The Waiting City.

Starring Radha Mitchell, Joel Edgerton, Samrat Chakrabarti and Isabel Lucas. Directed by Claire McCarthy.
Rated M (mature themes and coarse language). 108 mins.

Sydney writer-director Claire McCarthy’s experience eight years ago as a volunteer worker at Mother Teresa’s Missionaries of Charity orphanage in India provides the inspiration and invaluable background knowledge for her warm, insightful, well-crafted film The Waiting City.

The title refers to the impossibility of hurrying things in India. Everything takes time, particularly where paperwork and protocols are concerned, as young Australian married couple Ben and Fiona find when they arrive in Kolkata (Calcutta) to collect baby Lakshmi, whom they have been negotiating to adopt for two years.
Fiona is a high-powered corporate lawyer and workaholic. Ben is a laidback guitarist-singer who had enjoyed success in the pop industry before a medical condition caused him to drop out. They seem a balanced, well-suited couple, but their different temperaments are the first sign of possible problems in their relationship that are triggered by the waiting game they are forced to play. Her ceaseless phone calls, e-mails and video conferences about a case going on back in Australia start to get on his nerves. She is irritated by his casual demeanour, particularly after he bumps into an attractive Aussie musician friend (Isabel Lucas), with whom he shares an impromptu jam session with some Indian musicians.
  
They have a tiny photograph of baby Lakshmi, but when are they going to meet her? As appointments are not honoured and meetings postponed, the couple start to bicker, and Fiona calls into question her suitability to be Lakshmi’s mother. Are they adopting a baby as a way of papering over cracks in a troubled marriage?
As a study of a relationship and, by extension, the process of adoption, The Waiting City is an impressive, captivating achievement. Cleverly constructed, it develops almost like a thriller, drawing the audience to be constantly anxious about the next move and what will be revealed.

As an observation of the differences between the West and mystical India, it is equally satisfying. McCarthy is uniquely qualified on this subject, and you feel we are seeing a very truthful look at the way visitors can be alternately charmed and intimidated by Indian culture. There is documentary realism in way the camera shows a wedding and a funeral and follows the actors into the streets of Kolkota, including bustling scenes during a celebration (the Hindu Durga Puja festival), and McCarthy has a keen eye for oddities: a man squatting in a gutter brushing his teeth, a threadbare hotel named Delite Luxery Resort (sic) in which an unexpected amenity is a live chicken in the bed.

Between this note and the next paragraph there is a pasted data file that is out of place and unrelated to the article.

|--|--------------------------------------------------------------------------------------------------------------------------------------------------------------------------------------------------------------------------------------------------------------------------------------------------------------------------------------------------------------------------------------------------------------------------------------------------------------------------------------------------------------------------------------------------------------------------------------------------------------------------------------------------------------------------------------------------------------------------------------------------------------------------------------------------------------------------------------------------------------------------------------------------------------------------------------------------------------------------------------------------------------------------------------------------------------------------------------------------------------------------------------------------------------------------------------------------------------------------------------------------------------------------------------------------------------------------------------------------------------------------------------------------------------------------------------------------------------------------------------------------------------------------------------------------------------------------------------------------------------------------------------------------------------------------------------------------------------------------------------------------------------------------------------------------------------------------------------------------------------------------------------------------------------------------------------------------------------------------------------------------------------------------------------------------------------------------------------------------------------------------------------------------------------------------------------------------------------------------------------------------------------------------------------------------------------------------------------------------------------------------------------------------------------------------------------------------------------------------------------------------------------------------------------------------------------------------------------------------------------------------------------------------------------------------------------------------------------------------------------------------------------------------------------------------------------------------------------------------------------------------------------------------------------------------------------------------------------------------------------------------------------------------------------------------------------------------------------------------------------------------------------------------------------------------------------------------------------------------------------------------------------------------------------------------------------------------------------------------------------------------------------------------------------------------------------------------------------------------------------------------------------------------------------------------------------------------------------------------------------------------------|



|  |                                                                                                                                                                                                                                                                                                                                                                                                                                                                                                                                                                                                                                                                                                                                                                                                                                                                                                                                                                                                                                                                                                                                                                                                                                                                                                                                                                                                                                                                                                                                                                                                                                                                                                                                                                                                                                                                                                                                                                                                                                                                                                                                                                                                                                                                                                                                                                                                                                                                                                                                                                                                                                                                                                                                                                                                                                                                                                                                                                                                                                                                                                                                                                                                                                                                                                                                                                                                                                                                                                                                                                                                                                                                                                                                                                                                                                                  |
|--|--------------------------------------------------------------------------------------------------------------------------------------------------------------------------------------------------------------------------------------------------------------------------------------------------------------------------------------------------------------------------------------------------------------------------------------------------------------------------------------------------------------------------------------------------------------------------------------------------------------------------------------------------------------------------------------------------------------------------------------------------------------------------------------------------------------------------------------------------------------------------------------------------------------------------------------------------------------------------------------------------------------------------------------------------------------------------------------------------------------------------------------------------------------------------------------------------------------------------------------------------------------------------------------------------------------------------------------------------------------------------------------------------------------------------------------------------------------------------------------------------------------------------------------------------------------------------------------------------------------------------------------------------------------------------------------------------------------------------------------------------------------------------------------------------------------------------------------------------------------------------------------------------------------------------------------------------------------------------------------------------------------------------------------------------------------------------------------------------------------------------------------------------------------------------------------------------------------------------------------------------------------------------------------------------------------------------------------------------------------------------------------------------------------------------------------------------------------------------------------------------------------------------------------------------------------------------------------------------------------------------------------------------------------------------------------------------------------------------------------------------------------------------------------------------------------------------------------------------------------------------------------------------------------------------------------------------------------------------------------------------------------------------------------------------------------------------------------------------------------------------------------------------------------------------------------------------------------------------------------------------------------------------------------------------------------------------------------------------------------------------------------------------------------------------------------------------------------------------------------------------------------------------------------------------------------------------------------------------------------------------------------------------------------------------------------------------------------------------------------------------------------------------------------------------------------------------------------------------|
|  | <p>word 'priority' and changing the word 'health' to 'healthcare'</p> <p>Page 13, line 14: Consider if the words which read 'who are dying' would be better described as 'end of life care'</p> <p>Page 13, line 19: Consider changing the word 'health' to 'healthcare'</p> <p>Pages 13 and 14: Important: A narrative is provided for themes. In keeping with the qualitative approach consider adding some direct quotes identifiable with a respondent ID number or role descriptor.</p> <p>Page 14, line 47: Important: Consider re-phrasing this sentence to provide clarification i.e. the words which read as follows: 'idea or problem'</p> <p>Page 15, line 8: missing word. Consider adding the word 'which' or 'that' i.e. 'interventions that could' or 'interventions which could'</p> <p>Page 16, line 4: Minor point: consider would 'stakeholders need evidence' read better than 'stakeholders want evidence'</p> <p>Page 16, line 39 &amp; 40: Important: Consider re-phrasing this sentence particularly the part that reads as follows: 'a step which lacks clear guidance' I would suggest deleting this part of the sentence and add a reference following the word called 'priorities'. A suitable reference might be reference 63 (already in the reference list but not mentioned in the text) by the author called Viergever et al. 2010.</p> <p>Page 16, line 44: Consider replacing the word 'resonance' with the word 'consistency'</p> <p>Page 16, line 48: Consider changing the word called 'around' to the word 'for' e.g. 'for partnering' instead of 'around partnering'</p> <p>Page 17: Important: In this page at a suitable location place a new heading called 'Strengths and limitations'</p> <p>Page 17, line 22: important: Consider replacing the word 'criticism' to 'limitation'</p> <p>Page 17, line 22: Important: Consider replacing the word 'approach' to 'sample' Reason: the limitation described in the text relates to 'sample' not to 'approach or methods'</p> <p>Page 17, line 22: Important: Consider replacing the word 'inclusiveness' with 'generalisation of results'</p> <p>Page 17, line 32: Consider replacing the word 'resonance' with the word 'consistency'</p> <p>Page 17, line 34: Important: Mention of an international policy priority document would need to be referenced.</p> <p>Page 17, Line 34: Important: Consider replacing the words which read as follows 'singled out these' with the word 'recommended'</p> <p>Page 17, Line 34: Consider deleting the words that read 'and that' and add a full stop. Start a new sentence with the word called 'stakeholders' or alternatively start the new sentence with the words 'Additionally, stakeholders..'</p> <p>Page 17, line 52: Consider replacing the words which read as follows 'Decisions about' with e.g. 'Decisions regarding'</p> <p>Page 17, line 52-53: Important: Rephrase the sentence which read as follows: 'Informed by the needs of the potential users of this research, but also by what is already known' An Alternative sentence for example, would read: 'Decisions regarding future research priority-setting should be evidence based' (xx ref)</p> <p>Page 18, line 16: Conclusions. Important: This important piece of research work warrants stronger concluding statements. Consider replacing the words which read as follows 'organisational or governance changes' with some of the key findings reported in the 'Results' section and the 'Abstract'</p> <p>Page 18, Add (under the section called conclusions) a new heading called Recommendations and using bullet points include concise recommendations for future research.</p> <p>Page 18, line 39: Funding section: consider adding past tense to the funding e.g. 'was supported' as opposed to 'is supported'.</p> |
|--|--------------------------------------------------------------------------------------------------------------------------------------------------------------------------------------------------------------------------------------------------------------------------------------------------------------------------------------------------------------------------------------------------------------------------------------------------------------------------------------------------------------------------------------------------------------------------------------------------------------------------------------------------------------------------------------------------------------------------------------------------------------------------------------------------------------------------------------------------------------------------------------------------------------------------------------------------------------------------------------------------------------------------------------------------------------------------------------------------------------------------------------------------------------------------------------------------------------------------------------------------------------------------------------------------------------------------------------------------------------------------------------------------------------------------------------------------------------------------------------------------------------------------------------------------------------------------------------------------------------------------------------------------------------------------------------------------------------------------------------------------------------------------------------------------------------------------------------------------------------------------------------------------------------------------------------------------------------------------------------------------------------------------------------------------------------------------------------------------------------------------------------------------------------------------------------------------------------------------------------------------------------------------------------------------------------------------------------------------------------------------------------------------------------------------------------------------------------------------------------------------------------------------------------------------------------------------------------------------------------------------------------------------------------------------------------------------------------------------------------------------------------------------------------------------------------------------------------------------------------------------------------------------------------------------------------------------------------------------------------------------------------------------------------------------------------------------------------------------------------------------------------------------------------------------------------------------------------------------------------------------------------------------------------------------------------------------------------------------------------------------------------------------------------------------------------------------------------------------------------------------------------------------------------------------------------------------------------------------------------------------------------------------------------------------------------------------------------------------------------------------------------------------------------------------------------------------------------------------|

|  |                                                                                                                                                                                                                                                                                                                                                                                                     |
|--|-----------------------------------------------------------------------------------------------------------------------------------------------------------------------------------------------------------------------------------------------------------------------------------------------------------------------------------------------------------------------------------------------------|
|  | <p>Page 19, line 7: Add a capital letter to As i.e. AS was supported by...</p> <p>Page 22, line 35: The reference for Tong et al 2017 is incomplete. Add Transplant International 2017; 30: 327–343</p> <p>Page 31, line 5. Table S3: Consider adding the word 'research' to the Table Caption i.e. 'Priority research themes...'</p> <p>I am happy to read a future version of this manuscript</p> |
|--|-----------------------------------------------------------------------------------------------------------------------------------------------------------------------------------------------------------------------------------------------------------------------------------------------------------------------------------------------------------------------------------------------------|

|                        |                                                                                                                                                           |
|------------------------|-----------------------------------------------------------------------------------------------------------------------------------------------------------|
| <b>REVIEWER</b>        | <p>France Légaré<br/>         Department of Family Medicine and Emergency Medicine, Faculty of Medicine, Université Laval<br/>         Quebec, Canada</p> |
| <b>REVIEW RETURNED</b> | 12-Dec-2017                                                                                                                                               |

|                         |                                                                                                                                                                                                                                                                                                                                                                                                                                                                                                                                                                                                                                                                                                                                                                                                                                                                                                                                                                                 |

An important character is Krishna (Samrat Chakrabarti), a young hotel employee who becomes Ben and Fiona’s unofficial guide and a confidant of both. He comes from the same village where little Lakshmi was born, and takes the prospective parents on an important trip there so they can absorb something of the baby’s early circumstances. Krishna bluntly asks the sort of questions we want answered, and he acts as sort of sounding board to allow the characters to open up.

Faith plays a part in this story, too. Ben is at least a nominal Catholic, whereas Fiona is not a believer. But the way India accommodates the coexistence of Hindu, Muslim and Christian causes her to question her own agnosticism when things reach crisis point.

The performances are exceptional.  Mitchell and Edgerton, who both have tremendous ease in front of the cameras, are totally convincing as the married couple working through their problems, and the Indian supporting players are especially well chosen for their roles, notably Tillotama Shome as an orphanage nun, Sister Tesilla. Kudos too for the work of Australians Denson Baker (cinematographer) and Michael Yezerski (composer).

The Waiting City, claimed as the first Australian production to shot entirely in India, really touches the heart and is a splendid achievement by all concerned.

Hopscotch  Out July 15 2010

Mr Jim Murphy is an associate of the Australian Catholic Office for Film & Broadcasting.


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